The Woman Who Explained Nuclear Fission – On Lise Meitner’s 50th Death Anniversary
With Donna Stricklandin 2018 only for the third time a woman was awarded the Nobel Prize in Physics, after Marie Curie in 1903 and Maria Goeppert-Mayer in 1963 (only the economists have less Nobel Prize laureates, but the Nobel Prize for Economics has only been awarded since 1969). The most well-known physicist, who remained without a Nobel Prize, and next to Marie Curie probably the most famous physicist of all times, is Lise Meitner, whose death these days marks its50thand her most significant discoverysoon its 80thanniversary.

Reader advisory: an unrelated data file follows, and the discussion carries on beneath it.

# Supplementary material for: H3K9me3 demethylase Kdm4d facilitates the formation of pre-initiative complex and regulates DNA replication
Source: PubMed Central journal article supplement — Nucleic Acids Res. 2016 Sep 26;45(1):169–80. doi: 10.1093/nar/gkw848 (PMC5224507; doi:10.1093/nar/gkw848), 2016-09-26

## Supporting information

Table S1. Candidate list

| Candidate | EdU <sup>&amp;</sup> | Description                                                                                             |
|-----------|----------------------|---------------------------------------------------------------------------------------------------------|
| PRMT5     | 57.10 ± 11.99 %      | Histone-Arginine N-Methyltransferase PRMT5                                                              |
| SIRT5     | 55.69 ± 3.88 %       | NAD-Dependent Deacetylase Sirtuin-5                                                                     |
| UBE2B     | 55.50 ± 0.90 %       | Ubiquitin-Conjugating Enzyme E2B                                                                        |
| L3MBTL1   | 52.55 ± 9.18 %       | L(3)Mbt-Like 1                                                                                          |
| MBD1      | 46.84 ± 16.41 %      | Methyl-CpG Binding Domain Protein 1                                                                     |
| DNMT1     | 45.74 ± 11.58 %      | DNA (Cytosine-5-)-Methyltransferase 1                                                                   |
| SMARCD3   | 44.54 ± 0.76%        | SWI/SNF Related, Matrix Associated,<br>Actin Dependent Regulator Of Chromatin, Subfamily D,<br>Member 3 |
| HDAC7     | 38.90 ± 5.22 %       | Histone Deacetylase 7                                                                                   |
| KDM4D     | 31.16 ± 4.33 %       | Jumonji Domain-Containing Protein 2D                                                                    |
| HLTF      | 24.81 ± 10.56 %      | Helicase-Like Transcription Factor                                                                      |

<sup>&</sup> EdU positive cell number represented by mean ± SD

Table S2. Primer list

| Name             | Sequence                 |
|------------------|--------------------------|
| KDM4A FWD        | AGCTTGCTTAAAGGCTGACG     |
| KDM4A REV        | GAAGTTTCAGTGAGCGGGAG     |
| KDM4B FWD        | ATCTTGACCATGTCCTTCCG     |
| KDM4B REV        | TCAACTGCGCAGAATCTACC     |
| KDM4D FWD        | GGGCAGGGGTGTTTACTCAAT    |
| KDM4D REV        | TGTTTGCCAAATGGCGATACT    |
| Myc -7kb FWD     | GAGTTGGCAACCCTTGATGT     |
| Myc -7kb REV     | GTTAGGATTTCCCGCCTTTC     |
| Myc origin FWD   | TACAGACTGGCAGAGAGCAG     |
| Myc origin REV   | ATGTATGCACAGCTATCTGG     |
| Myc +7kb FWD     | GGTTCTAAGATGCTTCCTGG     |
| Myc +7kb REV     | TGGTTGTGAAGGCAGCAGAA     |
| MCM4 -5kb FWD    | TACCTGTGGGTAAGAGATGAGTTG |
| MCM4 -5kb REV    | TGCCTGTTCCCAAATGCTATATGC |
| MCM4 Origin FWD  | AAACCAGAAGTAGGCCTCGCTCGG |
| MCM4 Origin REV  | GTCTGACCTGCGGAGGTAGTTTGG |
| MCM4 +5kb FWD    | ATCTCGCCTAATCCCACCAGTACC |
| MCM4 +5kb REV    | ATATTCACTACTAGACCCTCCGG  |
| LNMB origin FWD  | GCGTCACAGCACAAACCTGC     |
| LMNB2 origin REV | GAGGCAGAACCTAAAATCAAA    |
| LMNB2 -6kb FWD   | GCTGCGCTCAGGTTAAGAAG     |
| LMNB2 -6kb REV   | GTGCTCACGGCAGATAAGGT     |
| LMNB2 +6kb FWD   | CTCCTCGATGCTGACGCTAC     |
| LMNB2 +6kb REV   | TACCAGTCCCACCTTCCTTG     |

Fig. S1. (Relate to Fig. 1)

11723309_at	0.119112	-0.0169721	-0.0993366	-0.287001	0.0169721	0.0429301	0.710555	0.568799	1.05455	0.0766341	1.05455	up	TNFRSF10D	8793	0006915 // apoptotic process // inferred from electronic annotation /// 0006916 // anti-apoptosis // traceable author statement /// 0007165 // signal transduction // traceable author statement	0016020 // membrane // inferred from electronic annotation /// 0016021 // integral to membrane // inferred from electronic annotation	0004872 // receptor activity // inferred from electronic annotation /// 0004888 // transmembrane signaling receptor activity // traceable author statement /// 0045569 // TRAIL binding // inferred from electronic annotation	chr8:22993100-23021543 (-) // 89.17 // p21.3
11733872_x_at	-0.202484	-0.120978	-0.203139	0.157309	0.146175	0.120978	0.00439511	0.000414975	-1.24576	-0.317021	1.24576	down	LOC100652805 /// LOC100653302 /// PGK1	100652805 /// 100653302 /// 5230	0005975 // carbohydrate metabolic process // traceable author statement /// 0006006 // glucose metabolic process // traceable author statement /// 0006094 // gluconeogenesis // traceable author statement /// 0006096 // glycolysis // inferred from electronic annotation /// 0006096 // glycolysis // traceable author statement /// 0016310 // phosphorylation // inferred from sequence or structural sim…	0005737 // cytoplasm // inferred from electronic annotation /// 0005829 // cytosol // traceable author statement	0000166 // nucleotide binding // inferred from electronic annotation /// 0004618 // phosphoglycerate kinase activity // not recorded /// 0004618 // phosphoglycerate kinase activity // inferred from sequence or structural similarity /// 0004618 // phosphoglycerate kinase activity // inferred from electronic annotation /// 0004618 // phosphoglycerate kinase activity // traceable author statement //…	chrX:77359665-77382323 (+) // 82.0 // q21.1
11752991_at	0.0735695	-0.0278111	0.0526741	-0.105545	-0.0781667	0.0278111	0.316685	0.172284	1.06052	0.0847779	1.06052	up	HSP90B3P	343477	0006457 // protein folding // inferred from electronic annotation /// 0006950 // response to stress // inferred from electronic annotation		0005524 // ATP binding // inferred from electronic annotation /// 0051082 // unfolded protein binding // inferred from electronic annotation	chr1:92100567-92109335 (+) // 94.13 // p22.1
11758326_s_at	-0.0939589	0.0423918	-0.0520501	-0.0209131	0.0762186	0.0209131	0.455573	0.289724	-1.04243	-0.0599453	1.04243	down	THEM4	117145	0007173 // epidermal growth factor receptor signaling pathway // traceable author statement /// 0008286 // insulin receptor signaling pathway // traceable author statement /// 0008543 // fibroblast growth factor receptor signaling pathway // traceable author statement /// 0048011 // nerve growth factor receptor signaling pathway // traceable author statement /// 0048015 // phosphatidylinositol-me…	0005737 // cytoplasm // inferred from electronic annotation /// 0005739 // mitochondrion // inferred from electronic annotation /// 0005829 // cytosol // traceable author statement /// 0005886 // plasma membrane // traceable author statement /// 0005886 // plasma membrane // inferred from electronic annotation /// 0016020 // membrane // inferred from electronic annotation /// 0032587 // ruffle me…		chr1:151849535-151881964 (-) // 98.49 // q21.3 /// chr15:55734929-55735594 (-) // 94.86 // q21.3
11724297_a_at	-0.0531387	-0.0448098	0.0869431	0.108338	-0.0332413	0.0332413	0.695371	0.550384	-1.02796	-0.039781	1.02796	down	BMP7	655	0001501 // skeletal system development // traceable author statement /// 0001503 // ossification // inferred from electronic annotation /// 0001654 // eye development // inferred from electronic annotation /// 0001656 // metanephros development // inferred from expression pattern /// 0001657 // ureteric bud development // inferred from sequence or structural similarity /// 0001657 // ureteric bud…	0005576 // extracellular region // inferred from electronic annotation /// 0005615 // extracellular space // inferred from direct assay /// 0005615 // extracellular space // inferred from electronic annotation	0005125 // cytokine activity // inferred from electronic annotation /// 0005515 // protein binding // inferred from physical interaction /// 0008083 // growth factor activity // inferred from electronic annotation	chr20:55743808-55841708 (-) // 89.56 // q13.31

In 1938, Lise Meitner together with her research colleague Otto Hahn and his assistant Fritz Straßmann conducted experiments with uranium nuclei. In the midst of these experiments, the originally Austrian citizen (thus protected from persecution) had to flee from Berlin as a Jew, because with the German annexation of Austria she had suddenly become German citizen and thus subject to the Nazi persecution of the Jews. With Otto Hahn’s help, she fled via Holland and Denmark to Stockholm to continue working at the Nobel Institute there. The communication with her research colleague was sustained by letters. In December 1938, she received a letter from Hahn, in which he told her that barium atoms had been produced by the bombardment of the uranium atom (92 protons) with slowed neutrons. Barium atoms, however, have an atomic number of 56! Hahn asked Meitner to think about this result. Meanwhile, Hahn did not inform the physicists in his institute about this; Lise Meitner was the only one to be updated about all the experiments and results from Berlin (here, Otto Hahn showed astonishing courage: in 1938 Germany people with far less offensesended up in a concentration camp than a German director of a scientific institutesharing an important discovery with his emigrated Jewish colleague).